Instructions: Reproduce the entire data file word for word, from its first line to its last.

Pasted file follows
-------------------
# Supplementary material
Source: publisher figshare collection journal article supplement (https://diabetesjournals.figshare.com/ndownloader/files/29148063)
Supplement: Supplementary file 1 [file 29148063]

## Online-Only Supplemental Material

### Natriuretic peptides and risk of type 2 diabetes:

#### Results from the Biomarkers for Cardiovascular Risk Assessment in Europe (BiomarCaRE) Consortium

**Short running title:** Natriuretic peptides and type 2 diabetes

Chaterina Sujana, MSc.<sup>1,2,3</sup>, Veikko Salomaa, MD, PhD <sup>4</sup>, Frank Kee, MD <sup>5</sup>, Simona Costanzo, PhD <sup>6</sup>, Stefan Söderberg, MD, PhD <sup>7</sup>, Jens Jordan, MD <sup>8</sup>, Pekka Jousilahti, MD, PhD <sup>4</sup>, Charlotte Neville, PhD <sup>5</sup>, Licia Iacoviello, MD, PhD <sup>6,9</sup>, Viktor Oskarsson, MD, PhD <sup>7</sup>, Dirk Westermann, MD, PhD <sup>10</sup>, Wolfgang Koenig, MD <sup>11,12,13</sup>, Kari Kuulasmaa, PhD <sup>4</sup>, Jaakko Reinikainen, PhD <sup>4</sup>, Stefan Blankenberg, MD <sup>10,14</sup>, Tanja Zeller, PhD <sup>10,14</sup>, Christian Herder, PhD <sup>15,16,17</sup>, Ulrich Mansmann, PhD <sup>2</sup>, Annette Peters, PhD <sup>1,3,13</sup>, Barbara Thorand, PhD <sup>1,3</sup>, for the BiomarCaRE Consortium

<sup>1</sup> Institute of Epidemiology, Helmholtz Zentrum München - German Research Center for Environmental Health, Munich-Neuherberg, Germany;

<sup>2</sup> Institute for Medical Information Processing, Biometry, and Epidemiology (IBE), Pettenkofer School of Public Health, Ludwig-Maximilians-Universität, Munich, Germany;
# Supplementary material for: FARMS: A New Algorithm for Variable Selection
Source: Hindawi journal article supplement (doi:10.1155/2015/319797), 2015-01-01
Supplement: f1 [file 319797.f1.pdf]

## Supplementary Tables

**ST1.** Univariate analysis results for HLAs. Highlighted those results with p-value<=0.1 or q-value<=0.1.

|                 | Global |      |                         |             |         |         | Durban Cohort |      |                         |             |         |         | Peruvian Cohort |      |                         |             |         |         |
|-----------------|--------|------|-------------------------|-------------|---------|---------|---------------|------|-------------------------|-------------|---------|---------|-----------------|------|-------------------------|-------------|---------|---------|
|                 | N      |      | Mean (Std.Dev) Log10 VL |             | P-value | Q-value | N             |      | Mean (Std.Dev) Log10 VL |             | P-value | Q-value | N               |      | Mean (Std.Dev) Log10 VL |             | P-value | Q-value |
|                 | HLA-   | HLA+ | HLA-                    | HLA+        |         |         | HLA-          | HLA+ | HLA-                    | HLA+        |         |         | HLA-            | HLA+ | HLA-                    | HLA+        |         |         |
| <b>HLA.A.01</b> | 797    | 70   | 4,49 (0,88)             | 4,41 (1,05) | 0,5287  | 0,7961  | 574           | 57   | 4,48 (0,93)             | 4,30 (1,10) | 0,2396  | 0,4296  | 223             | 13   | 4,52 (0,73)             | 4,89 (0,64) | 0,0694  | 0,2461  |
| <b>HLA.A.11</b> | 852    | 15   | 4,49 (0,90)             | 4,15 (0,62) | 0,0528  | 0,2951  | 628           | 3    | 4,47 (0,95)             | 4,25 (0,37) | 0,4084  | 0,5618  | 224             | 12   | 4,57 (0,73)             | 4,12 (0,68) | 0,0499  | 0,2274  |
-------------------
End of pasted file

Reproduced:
# Supplementary material
Source: publisher figshare collection journal article supplement (https://diabetesjournals.figshare.com/ndownloader/files/29148063)
Supplement: Supplementary file 1 [file 29148063]

## Online-Only Supplemental Material

### Natriuretic peptides and risk of type 2 diabetes:

#### Results from the Biomarkers for Cardiovascular Risk Assessment in Europe (BiomarCaRE) Consortium

**Short running title:** Natriuretic peptides and type 2 diabetes

Chaterina Sujana, MSc.<sup>1,2,3</sup>, Veikko Salomaa, MD, PhD <sup>4</sup>, Frank Kee, MD <sup>5</sup>, Simona Costanzo, PhD <sup>6</sup>, Stefan Söderberg, MD, PhD <sup>7</sup>, Jens Jordan, MD <sup>8</sup>, Pekka Jousilahti, MD, PhD <sup>4</sup>, Charlotte Neville, PhD <sup>5</sup>, Licia Iacoviello, MD, PhD <sup>6,9</sup>, Viktor Oskarsson, MD, PhD <sup>7</sup>, Dirk Westermann, MD, PhD <sup>10</sup>, Wolfgang Koenig, MD <sup>11,12,13</sup>, Kari Kuulasmaa, PhD <sup>4</sup>, Jaakko Reinikainen, PhD <sup>4</sup>, Stefan Blankenberg, MD <sup>10,14</sup>, Tanja Zeller, PhD <sup>10,14</sup>, Christian Herder, PhD <sup>15,16,17</sup>, Ulrich Mansmann, PhD <sup>2</sup>, Annette Peters, PhD <sup>1,3,13</sup>, Barbara Thorand, PhD <sup>1,3</sup>, for the BiomarCaRE Consortium

<sup>1</sup> Institute of Epidemiology, Helmholtz Zentrum München - German Research Center for Environmental Health, Munich-Neuherberg, Germany;

<sup>2</sup> Institute for Medical Information Processing, Biometry, and Epidemiology (IBE), Pettenkofer School of Public Health, Ludwig-Maximilians-Universität, Munich, Germany;
# Supplementary material for: FARMS: A New Algorithm for Variable Selection
Source: Hindawi journal article supplement (doi:10.1155/2015/319797), 2015-01-01
Supplement: f1 [file 319797.f1.pdf]

## Supplementary Tables

**ST1.** Univariate analysis results for HLAs. Highlighted those results with p-value<=0.1 or q-value<=0.1.

|                 | Global |      |                         |             |         |         | Durban Cohort |      |                         |             |         |         | Peruvian Cohort |      |                         |             |         |         |
|-----------------|--------|------|-------------------------|-------------|---------|---------|---------------|------|-------------------------|-------------|---------|---------|-----------------|------|-------------------------|-------------|---------|---------|
|                 | N      |      | Mean (Std.Dev) Log10 VL |             | P-value | Q-value | N             |      | Mean (Std.Dev) Log10 VL |             | P-value | Q-value | N               |      | Mean (Std.Dev) Log10 VL |             | P-value | Q-value |
|                 | HLA-   | HLA+ | HLA-                    | HLA+        |         |         | HLA-          | HLA+ | HLA-                    | HLA+        |         |         | HLA-            | HLA+ | HLA-                    | HLA+        |         |         |
| <b>HLA.A.01</b> | 797    | 70   | 4,49 (0,88)             | 4,41 (1,05) | 0,5287  | 0,7961  | 574           | 57   | 4,48 (0,93)             | 4,30 (1,10) | 0,2396  | 0,4296  | 223             | 13   | 4,52 (0,73)             | 4,89 (0,64) | 0,0694  | 0,2461  |
| <b>HLA.A.11</b> | 852    | 15   | 4,49 (0,90)             | 4,15 (0,62) | 0,0528  | 0,2951  | 628           | 3    | 4,47 (0,95)             | 4,25 (0,37) | 0,4084  | 0,5618  | 224             | 12   | 4,57 (0,73)             | 4,12 (0,68) | 0,0499  | 0,2274  |